Month: November 2011

Steve Jobs: ‘I’m glad I didn’t end up as an abortion’ | LifeSiteNews.com

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Steve Jobs: ‘I’m glad I didn’t end up as an abortion’ | LifeSiteNews.com.

What an amazing story for a Thanksgiving season.

“I wanted to meet [her] mostly to see if she was OK and to thank her, because I’m glad I didn’t end up as an abortion,” he said. “She was 23 and she went through a lot to have me.”

Eventually Jobs was able to find and reunite with his birth mother, Joanne Schieble. He said that after they met she would often burst into tears and apologize for giving him up for adoption.

“Don’t worry,” Jobs would respond, according to Isaacson. “I had a great childhood. I turned out OK.””

Give thanks for the lives we have! Every breath is a blessing!

My Parents Were Home Schooling Anarchists – NYTimes.com

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My Parents Were Home Schooling Anarchists – NYTimes.com.

An interesting account of what would now be called “unschooling”.

A lot of the ideas she talks about are things I believe as well, but a lot of them I don’t.  I am glad for my education, I am all the better for it, and I’m glad for the at-times lack of formality that allowed me to discover for myself how I learn.  Processing information in my own way and being responsible for my own assignments was ultimately the biggest aid in getting me through college, and what will soon get me through grad school.  There’s something to be said for learning how to plan your own lessons every day, even when you’re in middle school.

This lady may have had a questionable homeschooling experience, but I didn’t.  At the end of her article she misquotes the fact that there are not hard numbers on the success rates of homeschoolers in higher education, but that’s all the better.  It’s not for everyone, and people who claim it is are doing a disservice to the homeschooling itself.  But, for the people for whom it does work, it works incredibly well.

“The Lottery” on Netflix; addressing the crisis in public education ALSO: Prison Needs Projected from 3rd and 4th grade reading levels in local public schools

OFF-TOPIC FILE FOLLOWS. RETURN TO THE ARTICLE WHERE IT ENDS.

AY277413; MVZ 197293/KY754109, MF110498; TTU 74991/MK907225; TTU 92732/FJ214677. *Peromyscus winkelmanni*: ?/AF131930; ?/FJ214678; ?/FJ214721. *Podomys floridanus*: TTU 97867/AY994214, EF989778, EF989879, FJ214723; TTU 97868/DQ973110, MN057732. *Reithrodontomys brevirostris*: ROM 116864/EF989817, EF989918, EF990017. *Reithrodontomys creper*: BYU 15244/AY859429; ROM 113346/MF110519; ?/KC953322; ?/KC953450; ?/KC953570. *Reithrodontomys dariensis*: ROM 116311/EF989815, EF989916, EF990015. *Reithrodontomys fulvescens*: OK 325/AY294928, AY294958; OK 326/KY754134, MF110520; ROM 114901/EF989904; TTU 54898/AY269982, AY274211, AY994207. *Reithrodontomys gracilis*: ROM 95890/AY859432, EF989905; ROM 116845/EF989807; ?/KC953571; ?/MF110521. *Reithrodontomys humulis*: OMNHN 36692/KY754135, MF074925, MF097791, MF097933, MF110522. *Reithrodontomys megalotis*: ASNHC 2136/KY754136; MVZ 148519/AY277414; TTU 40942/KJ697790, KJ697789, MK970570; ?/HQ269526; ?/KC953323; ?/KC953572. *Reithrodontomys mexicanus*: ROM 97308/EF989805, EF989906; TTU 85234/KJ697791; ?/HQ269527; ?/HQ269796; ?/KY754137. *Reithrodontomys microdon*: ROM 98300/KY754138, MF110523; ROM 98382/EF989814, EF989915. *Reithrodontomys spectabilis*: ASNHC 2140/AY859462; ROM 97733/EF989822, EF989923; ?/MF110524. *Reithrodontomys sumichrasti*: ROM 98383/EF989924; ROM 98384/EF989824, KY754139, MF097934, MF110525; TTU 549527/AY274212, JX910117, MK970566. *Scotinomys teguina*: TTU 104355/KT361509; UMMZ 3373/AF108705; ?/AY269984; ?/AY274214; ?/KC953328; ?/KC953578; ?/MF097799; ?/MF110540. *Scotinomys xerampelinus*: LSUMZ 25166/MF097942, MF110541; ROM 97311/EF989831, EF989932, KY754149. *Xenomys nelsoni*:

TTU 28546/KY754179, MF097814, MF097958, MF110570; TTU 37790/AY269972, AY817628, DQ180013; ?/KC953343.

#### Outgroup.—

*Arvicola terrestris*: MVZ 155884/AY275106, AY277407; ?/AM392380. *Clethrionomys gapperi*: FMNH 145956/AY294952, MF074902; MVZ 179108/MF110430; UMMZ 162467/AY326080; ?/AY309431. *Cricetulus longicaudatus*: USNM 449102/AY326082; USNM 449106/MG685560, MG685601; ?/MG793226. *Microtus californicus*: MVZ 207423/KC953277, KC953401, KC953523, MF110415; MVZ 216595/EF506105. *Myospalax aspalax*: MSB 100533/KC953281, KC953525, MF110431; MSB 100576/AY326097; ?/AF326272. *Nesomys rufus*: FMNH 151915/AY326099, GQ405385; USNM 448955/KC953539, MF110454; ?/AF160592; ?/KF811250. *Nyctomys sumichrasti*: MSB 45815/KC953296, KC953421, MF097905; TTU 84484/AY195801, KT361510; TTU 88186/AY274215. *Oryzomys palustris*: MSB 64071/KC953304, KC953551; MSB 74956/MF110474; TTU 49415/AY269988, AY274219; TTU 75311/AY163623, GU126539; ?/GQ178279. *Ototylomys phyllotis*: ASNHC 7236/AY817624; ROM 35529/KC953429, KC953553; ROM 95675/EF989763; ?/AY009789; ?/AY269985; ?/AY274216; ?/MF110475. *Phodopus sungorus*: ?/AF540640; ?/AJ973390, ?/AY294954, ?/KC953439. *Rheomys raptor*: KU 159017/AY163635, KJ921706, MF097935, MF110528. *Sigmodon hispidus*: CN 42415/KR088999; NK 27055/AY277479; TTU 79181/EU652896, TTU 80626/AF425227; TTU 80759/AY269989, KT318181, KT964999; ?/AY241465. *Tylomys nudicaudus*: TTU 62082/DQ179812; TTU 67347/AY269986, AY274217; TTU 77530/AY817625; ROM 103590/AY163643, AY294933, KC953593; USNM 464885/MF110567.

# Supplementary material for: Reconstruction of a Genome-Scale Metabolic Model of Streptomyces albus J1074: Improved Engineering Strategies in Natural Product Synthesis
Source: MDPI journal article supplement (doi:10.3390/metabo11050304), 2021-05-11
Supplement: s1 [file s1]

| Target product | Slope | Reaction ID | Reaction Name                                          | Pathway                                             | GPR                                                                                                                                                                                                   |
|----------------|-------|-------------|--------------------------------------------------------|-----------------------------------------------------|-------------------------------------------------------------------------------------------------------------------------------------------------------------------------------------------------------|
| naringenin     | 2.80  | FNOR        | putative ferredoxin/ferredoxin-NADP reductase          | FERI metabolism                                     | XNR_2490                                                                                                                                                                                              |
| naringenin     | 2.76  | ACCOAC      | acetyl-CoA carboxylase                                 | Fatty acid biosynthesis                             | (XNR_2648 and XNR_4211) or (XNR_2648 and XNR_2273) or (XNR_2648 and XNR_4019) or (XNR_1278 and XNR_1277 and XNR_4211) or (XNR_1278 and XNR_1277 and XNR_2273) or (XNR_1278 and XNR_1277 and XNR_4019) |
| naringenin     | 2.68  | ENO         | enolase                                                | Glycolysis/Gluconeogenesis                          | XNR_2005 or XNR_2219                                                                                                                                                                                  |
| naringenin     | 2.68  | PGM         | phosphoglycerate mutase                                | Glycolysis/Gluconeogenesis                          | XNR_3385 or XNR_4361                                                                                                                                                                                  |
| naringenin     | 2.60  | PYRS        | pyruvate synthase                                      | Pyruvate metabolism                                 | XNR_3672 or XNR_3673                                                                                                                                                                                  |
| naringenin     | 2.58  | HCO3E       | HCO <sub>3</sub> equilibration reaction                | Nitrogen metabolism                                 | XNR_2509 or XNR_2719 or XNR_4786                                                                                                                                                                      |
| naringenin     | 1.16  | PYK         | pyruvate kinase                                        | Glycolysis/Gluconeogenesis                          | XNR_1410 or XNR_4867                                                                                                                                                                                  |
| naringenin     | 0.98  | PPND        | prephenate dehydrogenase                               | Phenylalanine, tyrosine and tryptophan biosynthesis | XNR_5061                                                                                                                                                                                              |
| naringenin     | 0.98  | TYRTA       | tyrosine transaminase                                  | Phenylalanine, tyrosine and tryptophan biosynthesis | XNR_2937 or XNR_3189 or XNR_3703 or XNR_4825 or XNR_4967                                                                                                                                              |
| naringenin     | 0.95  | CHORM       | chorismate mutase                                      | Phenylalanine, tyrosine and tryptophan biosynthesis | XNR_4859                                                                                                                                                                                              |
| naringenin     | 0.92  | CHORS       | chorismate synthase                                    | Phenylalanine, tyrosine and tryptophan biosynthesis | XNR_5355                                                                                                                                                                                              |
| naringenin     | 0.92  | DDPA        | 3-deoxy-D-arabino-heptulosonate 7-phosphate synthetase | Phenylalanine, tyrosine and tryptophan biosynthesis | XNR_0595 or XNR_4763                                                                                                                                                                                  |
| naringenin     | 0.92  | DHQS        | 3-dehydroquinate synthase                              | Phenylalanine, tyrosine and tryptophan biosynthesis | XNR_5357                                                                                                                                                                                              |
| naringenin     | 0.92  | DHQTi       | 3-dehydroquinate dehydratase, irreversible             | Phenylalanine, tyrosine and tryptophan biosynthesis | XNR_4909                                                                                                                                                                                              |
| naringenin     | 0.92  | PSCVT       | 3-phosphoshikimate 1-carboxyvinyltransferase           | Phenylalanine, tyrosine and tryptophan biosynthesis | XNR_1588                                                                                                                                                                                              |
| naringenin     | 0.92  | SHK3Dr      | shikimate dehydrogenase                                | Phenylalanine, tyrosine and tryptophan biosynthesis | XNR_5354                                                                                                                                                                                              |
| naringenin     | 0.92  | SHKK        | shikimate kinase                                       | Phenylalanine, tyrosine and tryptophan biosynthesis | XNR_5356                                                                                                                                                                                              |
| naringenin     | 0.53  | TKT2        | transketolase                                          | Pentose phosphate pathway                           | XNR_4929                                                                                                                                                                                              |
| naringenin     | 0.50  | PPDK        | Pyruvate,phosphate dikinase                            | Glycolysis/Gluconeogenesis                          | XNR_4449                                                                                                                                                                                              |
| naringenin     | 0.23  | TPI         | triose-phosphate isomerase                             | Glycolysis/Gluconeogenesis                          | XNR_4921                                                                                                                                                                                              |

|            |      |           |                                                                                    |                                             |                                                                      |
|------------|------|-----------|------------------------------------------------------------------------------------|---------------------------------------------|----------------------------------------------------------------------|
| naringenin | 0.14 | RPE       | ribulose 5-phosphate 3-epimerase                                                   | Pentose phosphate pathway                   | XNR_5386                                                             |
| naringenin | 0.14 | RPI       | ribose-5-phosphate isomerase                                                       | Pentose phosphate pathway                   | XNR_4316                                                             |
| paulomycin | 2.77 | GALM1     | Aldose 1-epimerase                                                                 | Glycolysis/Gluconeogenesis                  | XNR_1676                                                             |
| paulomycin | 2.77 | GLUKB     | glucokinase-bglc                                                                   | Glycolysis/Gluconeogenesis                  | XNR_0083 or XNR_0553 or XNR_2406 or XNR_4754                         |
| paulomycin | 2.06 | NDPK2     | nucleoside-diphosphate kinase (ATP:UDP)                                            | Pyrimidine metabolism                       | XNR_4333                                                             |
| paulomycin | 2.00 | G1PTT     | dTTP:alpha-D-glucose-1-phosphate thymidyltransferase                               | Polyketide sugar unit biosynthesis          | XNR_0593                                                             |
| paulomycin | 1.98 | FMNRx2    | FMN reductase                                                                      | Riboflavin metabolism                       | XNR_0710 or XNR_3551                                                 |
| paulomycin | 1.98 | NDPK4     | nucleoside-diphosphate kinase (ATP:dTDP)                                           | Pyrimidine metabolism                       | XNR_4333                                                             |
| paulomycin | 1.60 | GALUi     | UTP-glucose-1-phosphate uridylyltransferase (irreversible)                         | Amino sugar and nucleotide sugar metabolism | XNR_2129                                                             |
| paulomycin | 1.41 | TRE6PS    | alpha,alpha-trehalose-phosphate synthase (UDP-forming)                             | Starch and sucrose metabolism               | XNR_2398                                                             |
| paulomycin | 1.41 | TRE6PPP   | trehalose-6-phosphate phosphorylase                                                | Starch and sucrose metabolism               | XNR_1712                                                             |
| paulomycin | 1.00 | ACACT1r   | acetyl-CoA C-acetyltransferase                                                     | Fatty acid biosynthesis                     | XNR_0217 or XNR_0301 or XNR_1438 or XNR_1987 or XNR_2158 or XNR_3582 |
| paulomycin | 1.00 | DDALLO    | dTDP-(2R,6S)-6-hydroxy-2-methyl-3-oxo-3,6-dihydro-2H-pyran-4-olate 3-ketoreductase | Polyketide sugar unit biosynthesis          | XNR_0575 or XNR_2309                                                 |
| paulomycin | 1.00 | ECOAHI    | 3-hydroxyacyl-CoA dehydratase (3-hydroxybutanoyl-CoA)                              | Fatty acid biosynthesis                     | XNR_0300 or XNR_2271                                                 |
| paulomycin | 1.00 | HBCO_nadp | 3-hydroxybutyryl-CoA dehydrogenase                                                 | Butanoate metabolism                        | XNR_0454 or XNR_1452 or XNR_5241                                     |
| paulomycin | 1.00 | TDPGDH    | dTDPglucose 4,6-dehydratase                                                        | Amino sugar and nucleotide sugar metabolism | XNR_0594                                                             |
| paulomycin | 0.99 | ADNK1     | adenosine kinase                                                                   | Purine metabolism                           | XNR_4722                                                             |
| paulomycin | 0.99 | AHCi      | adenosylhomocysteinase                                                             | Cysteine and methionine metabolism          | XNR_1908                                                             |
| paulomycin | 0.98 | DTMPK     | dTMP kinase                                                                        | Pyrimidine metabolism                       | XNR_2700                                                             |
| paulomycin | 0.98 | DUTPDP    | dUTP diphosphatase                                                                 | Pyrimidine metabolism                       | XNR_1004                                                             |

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“Four children enter a high-stakes lottery. If they win, they can attend one of the best schools in New York. A look at the crisis in public education, The Lottery makes the case than any child can succeed.”

After watching this movie, I am even more convinced that public education is a messed up system that fails more children than it helps.

“In a country where 58% of African American 4th graders are functionally illiterate, The Lottery uncovers the failures of the traditional public school system and reveals that hundreds of thousands of parents attempt to flee the system every year. The Lottery follows four of these families from Harlem and the Bronx who have entered their children in a charter school lottery. Out of thousands of hopefuls, only a small minority will win the chance of a better future. The Lottery uncovers a ferocious debate surrounding the education reform movement. Interviews with politicians and educators explain not only the crisis in public education, but also why it is fixable. A call to action to avert a catastrophe in the education of American children, The Lottery makes the case that any child can succeed.” – IMDB Review

One statistic in the movie really got me, so I looked it up.  And it’s true:

“When the State of Arizona projects how many prison beds it will need, it factors in the number of kids who read well in fourth grade (Arizona Republic (9-15-2004)).  Evidence shows that children who do not read by third grade often fail to catch up and are more likely to drop out of school, take drugs, or go to prison.  So many nonreaders wind up in jail that Arizona officials have found they can use the rate of illiteracy to help calculate future prison needs.” (Literacy and the National Reading Statistics) 

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Wow.